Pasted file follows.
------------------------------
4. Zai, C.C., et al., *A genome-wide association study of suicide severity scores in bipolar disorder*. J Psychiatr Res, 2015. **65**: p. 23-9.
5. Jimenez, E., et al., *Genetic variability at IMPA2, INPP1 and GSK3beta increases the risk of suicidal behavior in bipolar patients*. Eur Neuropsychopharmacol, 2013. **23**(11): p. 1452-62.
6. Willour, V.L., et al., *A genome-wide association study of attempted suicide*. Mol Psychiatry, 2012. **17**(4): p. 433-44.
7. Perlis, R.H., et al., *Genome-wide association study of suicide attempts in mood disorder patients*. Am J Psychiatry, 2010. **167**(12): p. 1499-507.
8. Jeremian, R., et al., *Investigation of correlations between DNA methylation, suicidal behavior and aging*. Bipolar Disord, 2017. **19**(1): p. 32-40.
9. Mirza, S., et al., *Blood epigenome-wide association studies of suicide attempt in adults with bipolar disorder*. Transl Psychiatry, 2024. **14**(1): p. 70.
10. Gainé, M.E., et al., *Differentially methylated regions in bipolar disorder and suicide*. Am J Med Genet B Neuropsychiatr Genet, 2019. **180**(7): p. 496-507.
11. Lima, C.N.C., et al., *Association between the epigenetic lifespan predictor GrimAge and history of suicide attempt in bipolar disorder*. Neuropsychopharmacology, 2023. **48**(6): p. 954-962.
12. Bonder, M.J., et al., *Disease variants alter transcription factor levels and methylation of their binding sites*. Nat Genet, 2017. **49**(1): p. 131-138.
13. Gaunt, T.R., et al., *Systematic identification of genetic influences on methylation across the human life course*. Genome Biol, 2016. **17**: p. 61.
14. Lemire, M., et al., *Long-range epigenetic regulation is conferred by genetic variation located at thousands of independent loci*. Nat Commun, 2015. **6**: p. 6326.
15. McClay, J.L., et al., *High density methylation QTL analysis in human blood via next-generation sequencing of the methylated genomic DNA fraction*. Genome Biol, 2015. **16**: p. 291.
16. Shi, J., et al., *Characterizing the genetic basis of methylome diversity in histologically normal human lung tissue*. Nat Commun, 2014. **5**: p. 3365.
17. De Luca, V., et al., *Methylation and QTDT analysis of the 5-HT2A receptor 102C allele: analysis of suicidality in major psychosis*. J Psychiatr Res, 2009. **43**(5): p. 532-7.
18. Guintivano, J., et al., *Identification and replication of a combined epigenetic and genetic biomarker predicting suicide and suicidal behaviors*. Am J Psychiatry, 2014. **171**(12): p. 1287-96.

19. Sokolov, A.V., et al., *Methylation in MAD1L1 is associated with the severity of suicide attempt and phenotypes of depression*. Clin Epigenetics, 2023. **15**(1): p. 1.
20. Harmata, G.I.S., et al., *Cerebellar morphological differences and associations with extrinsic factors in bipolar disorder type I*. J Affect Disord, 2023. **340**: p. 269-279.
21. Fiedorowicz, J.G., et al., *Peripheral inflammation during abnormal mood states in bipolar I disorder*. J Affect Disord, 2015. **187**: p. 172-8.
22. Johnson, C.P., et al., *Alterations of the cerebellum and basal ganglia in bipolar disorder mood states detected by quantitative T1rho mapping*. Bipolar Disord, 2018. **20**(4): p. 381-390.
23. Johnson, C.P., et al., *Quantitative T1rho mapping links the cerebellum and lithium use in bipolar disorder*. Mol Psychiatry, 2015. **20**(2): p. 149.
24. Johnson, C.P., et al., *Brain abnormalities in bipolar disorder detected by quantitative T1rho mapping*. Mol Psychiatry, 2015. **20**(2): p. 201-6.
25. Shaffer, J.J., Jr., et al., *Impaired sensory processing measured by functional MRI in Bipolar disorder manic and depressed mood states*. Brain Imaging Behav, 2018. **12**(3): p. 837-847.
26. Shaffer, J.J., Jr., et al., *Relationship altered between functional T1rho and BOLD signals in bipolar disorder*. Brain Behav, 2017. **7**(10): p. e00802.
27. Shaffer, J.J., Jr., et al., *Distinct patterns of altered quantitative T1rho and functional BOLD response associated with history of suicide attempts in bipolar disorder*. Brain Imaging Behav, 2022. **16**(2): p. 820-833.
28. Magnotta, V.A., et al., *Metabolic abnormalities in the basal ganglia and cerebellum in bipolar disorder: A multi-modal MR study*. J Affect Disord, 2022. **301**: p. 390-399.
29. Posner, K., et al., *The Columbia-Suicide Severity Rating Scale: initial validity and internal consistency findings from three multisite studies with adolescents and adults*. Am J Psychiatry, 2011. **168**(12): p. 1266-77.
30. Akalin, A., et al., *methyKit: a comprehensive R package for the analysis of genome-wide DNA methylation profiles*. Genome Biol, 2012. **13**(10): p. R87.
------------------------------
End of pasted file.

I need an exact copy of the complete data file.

4. Zai, C.C., et al., *A genome-wide association study of suicide severity scores in bipolar disorder*. J Psychiatr Res, 2015. **65**: p. 23-9.
5. Jimenez, E., et al., *Genetic variability at IMPA2, INPP1 and GSK3beta increases the risk of suicidal behavior in bipolar patients*. Eur Neuropsychopharmacol, 2013. **23**(11): p. 1452-62.
6. Willour, V.L., et al., *A genome-wide association study of attempted suicide*. Mol Psychiatry, 2012. **17**(4): p. 433-44.
7. Perlis, R.H., et al., *Genome-wide association study of suicide attempts in mood disorder patients*. Am J Psychiatry, 2010. **167**(12): p. 1499-507.
8. Jeremian, R., et al., *Investigation of correlations between DNA methylation, suicidal behavior and aging*. Bipolar Disord, 2017. **19**(1): p. 32-40.
9. Mirza, S., et al., *Blood epigenome-wide association studies of suicide attempt in adults with bipolar disorder*. Transl Psychiatry, 2024. **14**(1): p. 70.
10. Gainé, M.E., et al., *Differentially methylated regions in bipolar disorder and suicide*. Am J Med Genet B Neuropsychiatr Genet, 2019. **180**(7): p. 496-507.
11. Lima, C.N.C., et al., *Association between the epigenetic lifespan predictor GrimAge and history of suicide attempt in bipolar disorder*. Neuropsychopharmacology, 2023. **48**(6): p. 954-962.
12. Bonder, M.J., et al., *Disease variants alter transcription factor levels and methylation of their binding sites*. Nat Genet, 2017. **49**(1): p. 131-138.
13. Gaunt, T.R., et al., *Systematic identification of genetic influences on methylation across the human life course*. Genome Biol, 2016. **17**: p. 61.
14. Lemire, M., et al., *Long-range epigenetic regulation is conferred by genetic variation located at thousands of independent loci*. Nat Commun, 2015. **6**: p. 6326.
15. McClay, J.L., et al., *High density methylation QTL analysis in human blood via next-generation sequencing of the methylated genomic DNA fraction*. Genome Biol, 2015. **16**: p. 291.
16. Shi, J., et al., *Characterizing the genetic basis of methylome diversity in histologically normal human lung tissue*. Nat Commun, 2014. **5**: p. 3365.
17. De Luca, V., et al., *Methylation and QTDT analysis of the 5-HT2A receptor 102C allele: analysis of suicidality in major psychosis*. J Psychiatr Res, 2009. **43**(5): p. 532-7.
18. Guintivano, J., et al., *Identification and replication of a combined epigenetic and genetic biomarker predicting suicide and suicidal behaviors*. Am J Psychiatry, 2014. **171**(12): p. 1287-96.

19. Sokolov, A.V., et al., *Methylation in MAD1L1 is associated with the severity of suicide attempt and phenotypes of depression*. Clin Epigenetics, 2023. **15**(1): p. 1.
20. Harmata, G.I.S., et al., *Cerebellar morphological differences and associations with extrinsic factors in bipolar disorder type I*. J Affect Disord, 2023. **340**: p. 269-279.
21. Fiedorowicz, J.G., et al., *Peripheral inflammation during abnormal mood states in bipolar I disorder*. J Affect Disord, 2015. **187**: p. 172-8.
22. Johnson, C.P., et al., *Alterations of the cerebellum and basal ganglia in bipolar disorder mood states detected by quantitative T1rho mapping*. Bipolar Disord, 2018. **20**(4): p. 381-390.
23. Johnson, C.P., et al., *Quantitative T1rho mapping links the cerebellum and lithium use in bipolar disorder*. Mol Psychiatry, 2015. **20**(2): p. 149.
24. Johnson, C.P., et al., *Brain abnormalities in bipolar disorder detected by quantitative T1rho mapping*. Mol Psychiatry, 2015. **20**(2): p. 201-6.
25. Shaffer, J.J., Jr., et al., *Impaired sensory processing measured by functional MRI in Bipolar disorder manic and depressed mood states*. Brain Imaging Behav, 2018. **12**(3): p. 837-847.
26. Shaffer, J.J., Jr., et al., *Relationship altered between functional T1rho and BOLD signals in bipolar disorder*. Brain Behav, 2017. **7**(10): p. e00802.
27. Shaffer, J.J., Jr., et al., *Distinct patterns of altered quantitative T1rho and functional BOLD response associated with history of suicide attempts in bipolar disorder*. Brain Imaging Behav, 2022. **16**(2): p. 820-833.
28. Magnotta, V.A., et al., *Metabolic abnormalities in the basal ganglia and cerebellum in bipolar disorder: A multi-modal MR study*. J Affect Disord, 2022. **301**: p. 390-399.
29. Posner, K., et al., *The Columbia-Suicide Severity Rating Scale: initial validity and internal consistency findings from three multisite studies with adolescents and adults*. Am J Psychiatry, 2011. **168**(12): p. 1266-77.
30. Akalin, A., et al., *methyKit: a comprehensive R package for the analysis of genome-wide DNA methylation profiles*. Genome Biol, 2012. **13**(10): p. R87.